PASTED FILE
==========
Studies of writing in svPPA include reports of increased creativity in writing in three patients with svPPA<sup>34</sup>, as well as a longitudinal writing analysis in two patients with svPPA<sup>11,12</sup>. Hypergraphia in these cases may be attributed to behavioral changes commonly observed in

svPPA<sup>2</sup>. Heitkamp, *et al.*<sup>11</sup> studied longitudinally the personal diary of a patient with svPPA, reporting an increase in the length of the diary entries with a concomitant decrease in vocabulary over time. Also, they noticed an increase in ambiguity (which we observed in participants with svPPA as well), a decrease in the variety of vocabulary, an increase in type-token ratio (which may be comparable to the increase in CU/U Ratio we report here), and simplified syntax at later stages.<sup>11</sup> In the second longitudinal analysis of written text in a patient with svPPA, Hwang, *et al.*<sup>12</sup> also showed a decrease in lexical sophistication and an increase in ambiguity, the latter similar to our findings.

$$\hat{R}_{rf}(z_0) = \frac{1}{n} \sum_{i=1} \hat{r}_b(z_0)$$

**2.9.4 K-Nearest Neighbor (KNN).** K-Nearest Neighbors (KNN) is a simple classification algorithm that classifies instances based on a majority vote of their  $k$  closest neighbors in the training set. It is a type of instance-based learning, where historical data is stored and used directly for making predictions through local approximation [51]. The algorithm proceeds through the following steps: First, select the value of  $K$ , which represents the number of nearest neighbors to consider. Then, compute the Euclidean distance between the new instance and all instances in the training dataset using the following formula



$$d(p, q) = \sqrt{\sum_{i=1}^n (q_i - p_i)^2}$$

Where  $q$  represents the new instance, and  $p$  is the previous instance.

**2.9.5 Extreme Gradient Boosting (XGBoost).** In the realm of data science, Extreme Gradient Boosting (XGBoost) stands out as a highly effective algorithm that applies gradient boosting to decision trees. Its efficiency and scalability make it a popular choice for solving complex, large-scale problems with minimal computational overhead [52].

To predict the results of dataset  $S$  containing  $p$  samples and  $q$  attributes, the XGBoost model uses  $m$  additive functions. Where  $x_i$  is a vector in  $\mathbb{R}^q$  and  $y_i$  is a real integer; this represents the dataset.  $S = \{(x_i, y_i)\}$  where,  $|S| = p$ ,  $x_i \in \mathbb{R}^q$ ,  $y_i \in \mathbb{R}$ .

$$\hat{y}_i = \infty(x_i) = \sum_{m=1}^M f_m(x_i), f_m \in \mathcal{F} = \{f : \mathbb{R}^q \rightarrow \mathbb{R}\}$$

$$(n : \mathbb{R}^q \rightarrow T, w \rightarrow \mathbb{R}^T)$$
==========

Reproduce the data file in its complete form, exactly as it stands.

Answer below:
Studies of writing in svPPA include reports of increased creativity in writing in three patients with svPPA<sup>34</sup>, as well as a longitudinal writing analysis in two patients with svPPA<sup>11,12</sup>. Hypergraphia in these cases may be attributed to behavioral changes commonly observed in

svPPA<sup>2</sup>. Heitkamp, *et al.*<sup>11</sup> studied longitudinally the personal diary of a patient with svPPA, reporting an increase in the length of the diary entries with a concomitant decrease in vocabulary over time. Also, they noticed an increase in ambiguity (which we observed in participants with svPPA as well), a decrease in the variety of vocabulary, an increase in type-token ratio (which may be comparable to the increase in CU/U Ratio we report here), and simplified syntax at later stages.<sup>11</sup> In the second longitudinal analysis of written text in a patient with svPPA, Hwang, *et al.*<sup>12</sup> also showed a decrease in lexical sophistication and an increase in ambiguity, the latter similar to our findings.

$$\hat{R}_{rf}(z_0) = \frac{1}{n} \sum_{i=1} \hat{r}_b(z_0)$$

**2.9.4 K-Nearest Neighbor (KNN).** K-Nearest Neighbors (KNN) is a simple classification algorithm that classifies instances based on a majority vote of their  $k$  closest neighbors in the training set. It is a type of instance-based learning, where historical data is stored and used directly for making predictions through local approximation [51]. The algorithm proceeds through the following steps: First, select the value of  $K$ , which represents the number of nearest neighbors to consider. Then, compute the Euclidean distance between the new instance and all instances in the training dataset using the following formula



$$d(p, q) = \sqrt{\sum_{i=1}^n (q_i - p_i)^2}$$

Where  $q$  represents the new instance, and  $p$  is the previous instance.

**2.9.5 Extreme Gradient Boosting (XGBoost).** In the realm of data science, Extreme Gradient Boosting (XGBoost) stands out as a highly effective algorithm that applies gradient boosting to decision trees. Its efficiency and scalability make it a popular choice for solving complex, large-scale problems with minimal computational overhead [52].

To predict the results of dataset  $S$  containing  $p$  samples and  $q$  attributes, the XGBoost model uses  $m$  additive functions. Where  $x_i$  is a vector in  $\mathbb{R}^q$  and  $y_i$  is a real integer; this represents the dataset.  $S = \{(x_i, y_i)\}$  where,  $|S| = p$ ,  $x_i \in \mathbb{R}^q$ ,  $y_i \in \mathbb{R}$ .

$$\hat{y}_i = \infty(x_i) = \sum_{m=1}^M f_m(x_i), f_m \in \mathcal{F} = \{f : \mathbb{R}^q \rightarrow \mathbb{R}\}$$

$$(n : \mathbb{R}^q \rightarrow T, w \rightarrow \mathbb{R}^T)$$